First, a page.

In Westchester County, as well as in many parts of the world, June is officially recognized as Lesbian, Gay, Bisexual, Transgender and Queer (LGBTQ) Pride Month. The Christopher Street Liberation Day Parade was initially planned as a gathering in 1970 to commemorate the anniversary of the Stonewall Uprising in New York City on June 28, 1969, when thousands of people took to the streets to protest the abuses and discrimination against the LGBTQ community. The annual event became known as the New York City Pride March, which then spread into a global month-long series of events including parades, parties, concerts, panels and workshops. It is a celebration, yes, but also a time for reflection and healing. It is a time to deeply examine the political and cultural climate, and to remember those who have been lost to hate crimes or HIV/AIDS.
A Local Perspective
Jill Ferson, resident of Croton-on-Hudson and a senior member of the LGBTQ community, has been able to watch Pride change over the years. “I came out in the early ‘70’s when lots was going on,” she says. “Gay pride (which was changed to Lesbian and Gay Pride), the women’s movement, civil rights, etc. I would never miss a June Pride March.” What was once a political march, a call for equal rights, has now become more of a celebratory parade, Ferson explains. She no longer attends the events, and hasn’t for a while. “I leave that for the younger generation.”
Ferson and her wife Linda Gangloff have been together since 1998, and moved to Croton-on-Hudson in 1999. They got married 5 years ago, waiting until same-sex marriage was finally made legal in all fifty states. “This took pride to a whole other level,” she says. “We felt like full citizens of this country.”
Setbacks and Gains
2021 has been a record-breaking year in terms of anti-trans legislation. Nationally, more than 100 bills that target the transgender community have been introduced (though not by New York State), most affecting youth: bans on participation in same-gender youth sports, bans on gender-affirming healthcare for minors, curriculum bans and ID restrictions.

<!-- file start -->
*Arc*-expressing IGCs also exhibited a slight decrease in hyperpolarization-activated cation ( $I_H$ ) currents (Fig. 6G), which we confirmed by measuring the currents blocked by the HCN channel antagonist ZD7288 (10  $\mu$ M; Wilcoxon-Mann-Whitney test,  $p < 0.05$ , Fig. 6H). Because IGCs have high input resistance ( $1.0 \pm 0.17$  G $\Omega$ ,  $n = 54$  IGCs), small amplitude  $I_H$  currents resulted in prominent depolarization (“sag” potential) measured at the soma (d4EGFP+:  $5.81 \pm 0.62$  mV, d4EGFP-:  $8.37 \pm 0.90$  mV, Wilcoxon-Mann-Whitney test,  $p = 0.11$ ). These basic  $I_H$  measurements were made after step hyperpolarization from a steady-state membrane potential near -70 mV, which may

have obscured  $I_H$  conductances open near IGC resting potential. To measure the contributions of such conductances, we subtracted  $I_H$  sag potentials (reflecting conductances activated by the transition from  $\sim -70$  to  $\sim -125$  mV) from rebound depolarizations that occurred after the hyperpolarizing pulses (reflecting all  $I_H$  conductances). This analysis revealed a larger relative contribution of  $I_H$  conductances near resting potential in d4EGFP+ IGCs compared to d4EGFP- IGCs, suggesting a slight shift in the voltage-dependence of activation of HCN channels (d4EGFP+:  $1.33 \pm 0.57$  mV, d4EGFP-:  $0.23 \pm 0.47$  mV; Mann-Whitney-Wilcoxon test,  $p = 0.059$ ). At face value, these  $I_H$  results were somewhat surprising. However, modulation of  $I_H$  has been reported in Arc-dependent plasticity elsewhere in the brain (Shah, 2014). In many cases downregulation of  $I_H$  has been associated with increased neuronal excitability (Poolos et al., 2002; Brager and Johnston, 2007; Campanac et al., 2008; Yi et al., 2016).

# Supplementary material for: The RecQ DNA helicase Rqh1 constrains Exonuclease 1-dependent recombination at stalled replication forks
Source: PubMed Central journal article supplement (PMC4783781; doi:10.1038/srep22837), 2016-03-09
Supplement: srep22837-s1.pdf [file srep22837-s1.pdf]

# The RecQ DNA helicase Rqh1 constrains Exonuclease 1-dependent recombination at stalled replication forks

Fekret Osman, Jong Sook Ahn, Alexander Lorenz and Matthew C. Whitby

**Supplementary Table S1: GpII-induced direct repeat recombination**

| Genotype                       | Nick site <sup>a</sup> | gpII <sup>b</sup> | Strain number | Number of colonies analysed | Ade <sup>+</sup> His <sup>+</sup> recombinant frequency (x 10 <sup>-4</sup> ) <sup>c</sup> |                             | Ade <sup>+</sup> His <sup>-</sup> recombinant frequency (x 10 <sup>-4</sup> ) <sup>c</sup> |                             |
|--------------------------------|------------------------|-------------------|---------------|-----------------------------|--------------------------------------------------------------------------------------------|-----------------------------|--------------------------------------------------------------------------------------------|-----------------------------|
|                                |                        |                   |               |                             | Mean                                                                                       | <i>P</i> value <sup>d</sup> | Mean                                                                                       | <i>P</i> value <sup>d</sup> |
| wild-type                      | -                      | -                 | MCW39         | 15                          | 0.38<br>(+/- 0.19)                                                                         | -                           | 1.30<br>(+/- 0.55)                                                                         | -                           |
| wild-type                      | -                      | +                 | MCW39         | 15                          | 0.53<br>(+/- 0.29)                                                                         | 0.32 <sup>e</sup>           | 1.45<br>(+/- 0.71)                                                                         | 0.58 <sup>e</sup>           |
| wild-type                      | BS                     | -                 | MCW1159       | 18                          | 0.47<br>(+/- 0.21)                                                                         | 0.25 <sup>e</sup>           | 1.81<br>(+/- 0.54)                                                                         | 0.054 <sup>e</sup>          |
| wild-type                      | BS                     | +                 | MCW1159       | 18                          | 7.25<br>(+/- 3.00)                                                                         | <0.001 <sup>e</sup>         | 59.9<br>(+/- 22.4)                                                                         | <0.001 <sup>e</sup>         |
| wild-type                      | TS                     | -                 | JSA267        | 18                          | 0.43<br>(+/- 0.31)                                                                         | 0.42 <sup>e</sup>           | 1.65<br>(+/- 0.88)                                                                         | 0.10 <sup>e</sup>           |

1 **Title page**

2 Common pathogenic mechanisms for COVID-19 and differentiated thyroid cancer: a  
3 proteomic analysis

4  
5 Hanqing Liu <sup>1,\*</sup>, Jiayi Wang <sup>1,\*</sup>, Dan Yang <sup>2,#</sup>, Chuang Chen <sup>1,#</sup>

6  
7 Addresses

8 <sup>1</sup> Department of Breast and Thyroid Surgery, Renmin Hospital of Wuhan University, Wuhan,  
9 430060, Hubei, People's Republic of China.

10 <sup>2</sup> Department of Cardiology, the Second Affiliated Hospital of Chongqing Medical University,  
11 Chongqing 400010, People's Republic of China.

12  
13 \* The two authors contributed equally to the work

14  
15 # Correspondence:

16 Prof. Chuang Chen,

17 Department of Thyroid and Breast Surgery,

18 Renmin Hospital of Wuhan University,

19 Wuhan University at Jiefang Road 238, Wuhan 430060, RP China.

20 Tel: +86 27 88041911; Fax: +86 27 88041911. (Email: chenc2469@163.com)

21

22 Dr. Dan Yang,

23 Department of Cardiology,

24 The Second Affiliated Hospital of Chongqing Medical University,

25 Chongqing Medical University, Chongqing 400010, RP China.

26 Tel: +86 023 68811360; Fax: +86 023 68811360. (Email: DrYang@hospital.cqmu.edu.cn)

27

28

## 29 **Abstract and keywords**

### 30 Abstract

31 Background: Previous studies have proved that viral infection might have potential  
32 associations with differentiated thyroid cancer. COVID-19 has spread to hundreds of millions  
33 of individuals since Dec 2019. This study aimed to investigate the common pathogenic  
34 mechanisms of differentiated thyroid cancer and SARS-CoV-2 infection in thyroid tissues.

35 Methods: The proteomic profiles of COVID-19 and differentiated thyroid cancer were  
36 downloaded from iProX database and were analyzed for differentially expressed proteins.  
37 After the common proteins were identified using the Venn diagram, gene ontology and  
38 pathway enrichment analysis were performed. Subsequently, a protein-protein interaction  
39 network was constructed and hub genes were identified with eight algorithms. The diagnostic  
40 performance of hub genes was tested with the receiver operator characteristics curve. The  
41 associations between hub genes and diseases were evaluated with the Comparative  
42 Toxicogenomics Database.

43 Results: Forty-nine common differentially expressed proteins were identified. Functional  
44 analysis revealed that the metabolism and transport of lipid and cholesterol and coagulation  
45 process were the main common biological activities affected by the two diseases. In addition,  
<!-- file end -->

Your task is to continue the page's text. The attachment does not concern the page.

The year has been challenging for the LGBTQ community in other ways as well. Dr. Robbins Gottlock, Vice President & Associate Medical Director at Phelps Hospital, Northwell Health and founder of Phelps’ LGBTQIA+ Health Center of Excellence says, “The biggest medical setback has been the inability to have in-person contact due to COVID. For the LGBTQIA+ community, warm physical greetings and in-person gatherings and celebrations are part of our culture… The lack of in-person contact has negatively affected mental and physical health, especially for those who have foregone care.”
But there have been gains, too. The biggest medical gain, in Gottlock’s opinion, was in health policy, in which the federal government has recently affirmed that the Affordable Care Act ensures protection from discrimination in healthcare on the basis of sexual orientation and gender identity. “Our LGBTQIA+ community can have less apprehension about being denied care or being mistreated while accessing medical care.”
Pride in Westchester
We have a lot to be proud of in Westchester. New York State’s education system is setting a national example for uplifting and protecting Queer youth, and Phelps Hospital has been recognized by the Human Rights Campaign as a leader in LGBTQ healthcare equality. Not only does The LOFT LGBTQ+ Community Center in White Plains provide a vibrant and diverse calendar of programming for people of all ages in Westchester County, but there is also the active Peekskill Pride organization in northern Westchester and WJCS Center Lane in Yonkers, which focuses on LGBTQ+ youth. Since 2002, Westchester County has had a citizens’ advisory board to advise the County Executive on issues important to the LGBTQ community. “Westchester County has truly become one of the best places in the United States for the LGBTQ+ to live and work,” says The LOFT’s Executive Director Jody Trolio.
So, my fellow Westchestarians, let’s celebrate!